Boeing's shares plunge 9% after Ethiopian Airlines' plane crash
The stock tanked 8.88% or US$37.54 to US$385.00 at 4.40am, New York time after Ethiopian Airlines flight 302 using a Boeing’s 737 Max plane crashed within minutes from take-off on Sunday, causing 157 people to lose their lives.
Shares of Boeing Co took a nosedive during pre-market hours on Monday, with the stock tanking 8.88% or US$37.54 to US$385.00 at 4.40am, New York time after Ethiopian Airlines flight 302 using a Boeing’s 737 Max plane crashed within minutes from take-off on Sunday, causing 157 people to lose their lives.
Ethiopian Airlines flight ET302 had plunged to the ground minutes after leaving Addis Ababa enroute to Nairobi, Kenya. The freak accident was the same type of plane that had crashed in Indonesia in October which killed 189 people, raising questions on the safety of the airline company’s bestselling 737s.
China on Monday morning ordered to temporarily ground all Chinese airlines until further notice from the use of Boeing’s 737 Max planes. The announcement drew concerns from observers on Boeing’s 737 business as the country’s carriers take up around 20% of 737 Max deliveries globally through January.
Boeing’s stocks closed Friday’s session flattish, higher by 0.05% or US$0.21, at US$422.54.
Dow Jones to face pressures from Boeing’s slide
The shares of the airplane manufacturer have gained more than 30% this year, adding more than US$55 billion in market cap amid positive sentiments over the United States (US)-Sino trade talks and a record cash pile announcement from the firm last year with sales hitting US$100 billion for the first time in its 102 years.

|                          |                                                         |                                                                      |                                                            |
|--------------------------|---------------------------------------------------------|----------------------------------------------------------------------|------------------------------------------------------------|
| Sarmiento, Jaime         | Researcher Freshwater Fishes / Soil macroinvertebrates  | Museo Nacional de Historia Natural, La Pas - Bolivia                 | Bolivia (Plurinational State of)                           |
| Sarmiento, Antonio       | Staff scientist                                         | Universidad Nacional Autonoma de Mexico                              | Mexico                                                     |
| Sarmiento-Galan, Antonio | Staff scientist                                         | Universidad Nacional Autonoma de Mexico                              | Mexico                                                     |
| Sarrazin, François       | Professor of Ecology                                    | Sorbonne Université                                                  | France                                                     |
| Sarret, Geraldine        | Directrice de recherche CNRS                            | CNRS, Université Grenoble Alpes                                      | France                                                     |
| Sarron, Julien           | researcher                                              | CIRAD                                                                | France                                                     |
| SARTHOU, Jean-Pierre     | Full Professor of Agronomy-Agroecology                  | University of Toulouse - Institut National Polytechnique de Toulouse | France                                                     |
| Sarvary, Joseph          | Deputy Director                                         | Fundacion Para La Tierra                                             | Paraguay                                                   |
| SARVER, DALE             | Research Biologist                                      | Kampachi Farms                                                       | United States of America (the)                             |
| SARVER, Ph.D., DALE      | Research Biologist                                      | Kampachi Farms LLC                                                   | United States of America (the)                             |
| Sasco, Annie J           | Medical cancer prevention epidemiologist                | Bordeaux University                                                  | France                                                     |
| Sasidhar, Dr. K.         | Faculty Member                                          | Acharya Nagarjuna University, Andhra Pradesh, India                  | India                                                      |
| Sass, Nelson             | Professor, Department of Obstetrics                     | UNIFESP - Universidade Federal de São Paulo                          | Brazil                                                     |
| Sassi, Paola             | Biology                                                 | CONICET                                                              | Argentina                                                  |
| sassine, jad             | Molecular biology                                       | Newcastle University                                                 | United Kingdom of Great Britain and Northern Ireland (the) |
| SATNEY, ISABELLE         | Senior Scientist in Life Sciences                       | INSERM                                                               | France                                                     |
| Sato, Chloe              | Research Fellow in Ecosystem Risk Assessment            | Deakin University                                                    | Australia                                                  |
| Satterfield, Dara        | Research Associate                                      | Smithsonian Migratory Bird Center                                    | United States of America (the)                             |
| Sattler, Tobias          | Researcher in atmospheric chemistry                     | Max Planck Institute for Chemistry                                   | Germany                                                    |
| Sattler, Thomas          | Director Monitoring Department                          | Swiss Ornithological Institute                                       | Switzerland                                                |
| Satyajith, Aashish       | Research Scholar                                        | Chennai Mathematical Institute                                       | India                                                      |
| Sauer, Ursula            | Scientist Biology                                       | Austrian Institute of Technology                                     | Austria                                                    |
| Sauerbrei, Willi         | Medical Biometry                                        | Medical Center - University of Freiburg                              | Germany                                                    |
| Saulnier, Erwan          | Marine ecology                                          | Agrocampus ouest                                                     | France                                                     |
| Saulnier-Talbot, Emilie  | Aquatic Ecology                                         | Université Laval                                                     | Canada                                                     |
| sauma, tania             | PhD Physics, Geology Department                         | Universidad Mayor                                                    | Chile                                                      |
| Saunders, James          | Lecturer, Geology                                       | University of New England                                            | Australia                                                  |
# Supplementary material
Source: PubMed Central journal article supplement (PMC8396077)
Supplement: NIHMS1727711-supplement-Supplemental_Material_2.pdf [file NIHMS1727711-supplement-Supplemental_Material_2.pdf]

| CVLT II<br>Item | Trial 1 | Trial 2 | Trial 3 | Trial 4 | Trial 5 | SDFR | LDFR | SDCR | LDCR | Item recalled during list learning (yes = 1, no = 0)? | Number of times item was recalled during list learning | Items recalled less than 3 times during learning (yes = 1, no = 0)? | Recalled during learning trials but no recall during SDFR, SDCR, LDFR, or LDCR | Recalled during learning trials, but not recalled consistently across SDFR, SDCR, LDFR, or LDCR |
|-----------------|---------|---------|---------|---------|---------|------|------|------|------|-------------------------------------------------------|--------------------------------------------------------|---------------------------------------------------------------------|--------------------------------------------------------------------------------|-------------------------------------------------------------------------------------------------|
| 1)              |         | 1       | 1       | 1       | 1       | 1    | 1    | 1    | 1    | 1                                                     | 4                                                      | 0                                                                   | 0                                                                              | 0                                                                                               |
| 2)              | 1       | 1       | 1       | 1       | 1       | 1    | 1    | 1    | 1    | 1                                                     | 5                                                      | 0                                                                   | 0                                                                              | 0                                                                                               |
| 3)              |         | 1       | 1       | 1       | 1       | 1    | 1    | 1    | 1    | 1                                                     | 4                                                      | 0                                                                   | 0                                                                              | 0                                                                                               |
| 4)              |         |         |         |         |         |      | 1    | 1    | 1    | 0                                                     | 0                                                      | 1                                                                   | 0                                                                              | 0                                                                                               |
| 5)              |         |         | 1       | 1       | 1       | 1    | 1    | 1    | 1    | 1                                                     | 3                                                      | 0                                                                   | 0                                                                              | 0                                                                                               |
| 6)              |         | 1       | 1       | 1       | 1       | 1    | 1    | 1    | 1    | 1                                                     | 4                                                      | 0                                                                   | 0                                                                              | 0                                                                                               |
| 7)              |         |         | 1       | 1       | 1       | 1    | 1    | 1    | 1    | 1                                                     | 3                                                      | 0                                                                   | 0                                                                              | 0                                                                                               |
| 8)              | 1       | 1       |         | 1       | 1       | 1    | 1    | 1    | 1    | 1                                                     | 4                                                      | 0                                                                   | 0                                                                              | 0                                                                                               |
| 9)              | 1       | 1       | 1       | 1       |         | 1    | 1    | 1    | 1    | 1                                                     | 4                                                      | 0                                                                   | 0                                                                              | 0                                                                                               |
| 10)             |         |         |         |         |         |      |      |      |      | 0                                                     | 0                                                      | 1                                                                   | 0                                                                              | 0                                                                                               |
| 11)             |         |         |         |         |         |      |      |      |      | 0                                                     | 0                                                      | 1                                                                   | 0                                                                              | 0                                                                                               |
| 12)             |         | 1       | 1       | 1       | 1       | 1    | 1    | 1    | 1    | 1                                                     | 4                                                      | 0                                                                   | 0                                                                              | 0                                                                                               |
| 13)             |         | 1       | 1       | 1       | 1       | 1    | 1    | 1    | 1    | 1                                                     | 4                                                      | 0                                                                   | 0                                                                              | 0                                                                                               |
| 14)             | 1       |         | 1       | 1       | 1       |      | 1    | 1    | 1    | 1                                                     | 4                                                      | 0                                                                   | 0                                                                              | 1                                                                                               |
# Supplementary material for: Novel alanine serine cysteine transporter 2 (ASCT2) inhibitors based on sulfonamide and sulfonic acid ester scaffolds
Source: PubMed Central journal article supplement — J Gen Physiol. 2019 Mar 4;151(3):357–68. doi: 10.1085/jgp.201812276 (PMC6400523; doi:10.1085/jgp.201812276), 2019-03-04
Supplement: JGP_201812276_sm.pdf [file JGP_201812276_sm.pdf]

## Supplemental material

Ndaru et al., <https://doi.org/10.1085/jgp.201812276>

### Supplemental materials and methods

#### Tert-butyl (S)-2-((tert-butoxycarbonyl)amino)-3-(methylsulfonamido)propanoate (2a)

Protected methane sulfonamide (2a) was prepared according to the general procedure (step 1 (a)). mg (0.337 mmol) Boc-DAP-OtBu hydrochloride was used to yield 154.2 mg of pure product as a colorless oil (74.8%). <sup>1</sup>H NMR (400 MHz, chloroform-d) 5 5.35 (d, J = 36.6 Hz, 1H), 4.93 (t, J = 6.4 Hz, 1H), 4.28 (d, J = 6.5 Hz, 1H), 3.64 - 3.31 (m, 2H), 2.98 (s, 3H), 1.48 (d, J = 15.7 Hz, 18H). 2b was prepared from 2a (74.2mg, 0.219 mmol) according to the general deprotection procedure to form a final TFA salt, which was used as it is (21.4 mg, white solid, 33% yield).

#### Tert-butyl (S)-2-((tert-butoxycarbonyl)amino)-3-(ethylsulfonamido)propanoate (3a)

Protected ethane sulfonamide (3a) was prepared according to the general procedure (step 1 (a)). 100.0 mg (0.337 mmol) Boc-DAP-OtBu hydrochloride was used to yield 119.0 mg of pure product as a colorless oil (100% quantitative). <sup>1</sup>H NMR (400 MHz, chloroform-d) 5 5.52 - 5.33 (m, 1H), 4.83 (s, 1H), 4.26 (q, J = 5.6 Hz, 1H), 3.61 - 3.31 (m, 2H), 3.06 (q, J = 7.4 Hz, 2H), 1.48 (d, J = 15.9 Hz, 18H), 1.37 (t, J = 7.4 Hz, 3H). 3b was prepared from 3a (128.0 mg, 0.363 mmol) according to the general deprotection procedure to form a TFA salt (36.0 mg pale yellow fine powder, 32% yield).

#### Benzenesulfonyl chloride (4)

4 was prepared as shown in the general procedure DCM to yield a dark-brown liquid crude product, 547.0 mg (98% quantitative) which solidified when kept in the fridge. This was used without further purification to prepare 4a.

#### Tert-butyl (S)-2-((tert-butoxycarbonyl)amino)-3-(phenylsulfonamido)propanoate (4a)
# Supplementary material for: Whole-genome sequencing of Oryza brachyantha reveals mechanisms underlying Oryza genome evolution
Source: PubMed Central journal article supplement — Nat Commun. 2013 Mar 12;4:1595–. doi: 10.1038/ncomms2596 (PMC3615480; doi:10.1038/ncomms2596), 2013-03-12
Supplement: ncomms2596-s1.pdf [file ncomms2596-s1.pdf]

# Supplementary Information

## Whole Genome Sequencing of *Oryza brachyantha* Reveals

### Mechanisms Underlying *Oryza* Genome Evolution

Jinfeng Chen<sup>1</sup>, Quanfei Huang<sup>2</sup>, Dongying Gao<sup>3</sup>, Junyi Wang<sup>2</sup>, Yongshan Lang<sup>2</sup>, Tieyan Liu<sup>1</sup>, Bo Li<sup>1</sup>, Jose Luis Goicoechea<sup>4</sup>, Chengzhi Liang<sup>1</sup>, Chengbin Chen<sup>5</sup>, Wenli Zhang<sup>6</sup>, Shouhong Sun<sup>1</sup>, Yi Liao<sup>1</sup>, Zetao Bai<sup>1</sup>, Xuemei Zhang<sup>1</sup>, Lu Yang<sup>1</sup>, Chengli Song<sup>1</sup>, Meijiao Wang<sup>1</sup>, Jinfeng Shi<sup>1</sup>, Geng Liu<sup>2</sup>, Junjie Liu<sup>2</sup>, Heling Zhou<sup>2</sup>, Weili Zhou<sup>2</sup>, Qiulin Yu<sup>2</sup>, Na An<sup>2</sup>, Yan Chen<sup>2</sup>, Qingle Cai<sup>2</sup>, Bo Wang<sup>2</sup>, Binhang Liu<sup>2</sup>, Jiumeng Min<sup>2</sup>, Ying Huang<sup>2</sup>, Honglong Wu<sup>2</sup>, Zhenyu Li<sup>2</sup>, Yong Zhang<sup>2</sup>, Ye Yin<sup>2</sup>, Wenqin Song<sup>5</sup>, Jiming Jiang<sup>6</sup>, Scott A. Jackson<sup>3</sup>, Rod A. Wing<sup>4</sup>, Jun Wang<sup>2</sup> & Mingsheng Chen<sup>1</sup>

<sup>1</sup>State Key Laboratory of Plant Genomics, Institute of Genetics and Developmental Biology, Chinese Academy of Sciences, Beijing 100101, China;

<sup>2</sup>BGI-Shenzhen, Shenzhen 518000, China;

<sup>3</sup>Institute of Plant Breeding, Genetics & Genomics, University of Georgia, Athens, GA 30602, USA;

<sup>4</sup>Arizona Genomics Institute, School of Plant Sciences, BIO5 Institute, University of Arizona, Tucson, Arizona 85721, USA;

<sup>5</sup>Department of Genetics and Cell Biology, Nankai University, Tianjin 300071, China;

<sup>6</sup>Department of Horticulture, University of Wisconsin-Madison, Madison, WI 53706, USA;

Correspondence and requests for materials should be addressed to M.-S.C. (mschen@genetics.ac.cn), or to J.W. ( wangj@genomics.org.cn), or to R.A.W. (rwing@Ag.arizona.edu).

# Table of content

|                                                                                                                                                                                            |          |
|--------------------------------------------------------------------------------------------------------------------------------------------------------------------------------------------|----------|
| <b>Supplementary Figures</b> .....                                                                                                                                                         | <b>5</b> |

The aircraft manufacturer's stock is an integral part of the price-weighted Dow Jones and the S&P 500, and Boeing’s shares have been one of the top performers in the Dow Jones this year.
Signs of strain are showing as seen from futures contracts on the Dow Jones Industrial Average Index which slid 0.7% on Monday.
In October, when the Lion Air 737 Max crashed into the ocean, Boeing’s stock had fallen 6.6% partly due to the accident.
Concerns on plane’s safety raises questions on delivery orders
In May 2017, Boeing had suspended test flights for its new 737 Max aircrafts due to quality concerns with the engine. The engines are produced by CFM International, a company jointly owned by France's Safran Aircraft Engines and GE Aviation.
The two plane accidents which occurred within five months from each other, places Boeing’s 737 Max in a fix as more than 5,000 deliveries are planned for that model. In January, only about 350 planes were delivered, which means the airline manufacturer has thousands of planes left to deliver.
The new Max which represents three-fifth of the company’s production till 2032, is an important program for Boeing in the next decade and Boeing has to prove on the reliability of the plane model before it continues to deliver its orders.
China has meanwhile, grounded nearly 100 Boeing 737 Max aircrafts operated by its airlines, which makes up more than a quarter of the global fleet of jets already in service.
Following Sunday's tragedy, Ethiopian Airlines have also grounded its fleet of Boeing 737 Max planes. Citizens from 35 countries were among the people killed in Sunday’s plane crash, including 32 Kenyans, nine Ethiopians, and 8 passengers each from China and the US.
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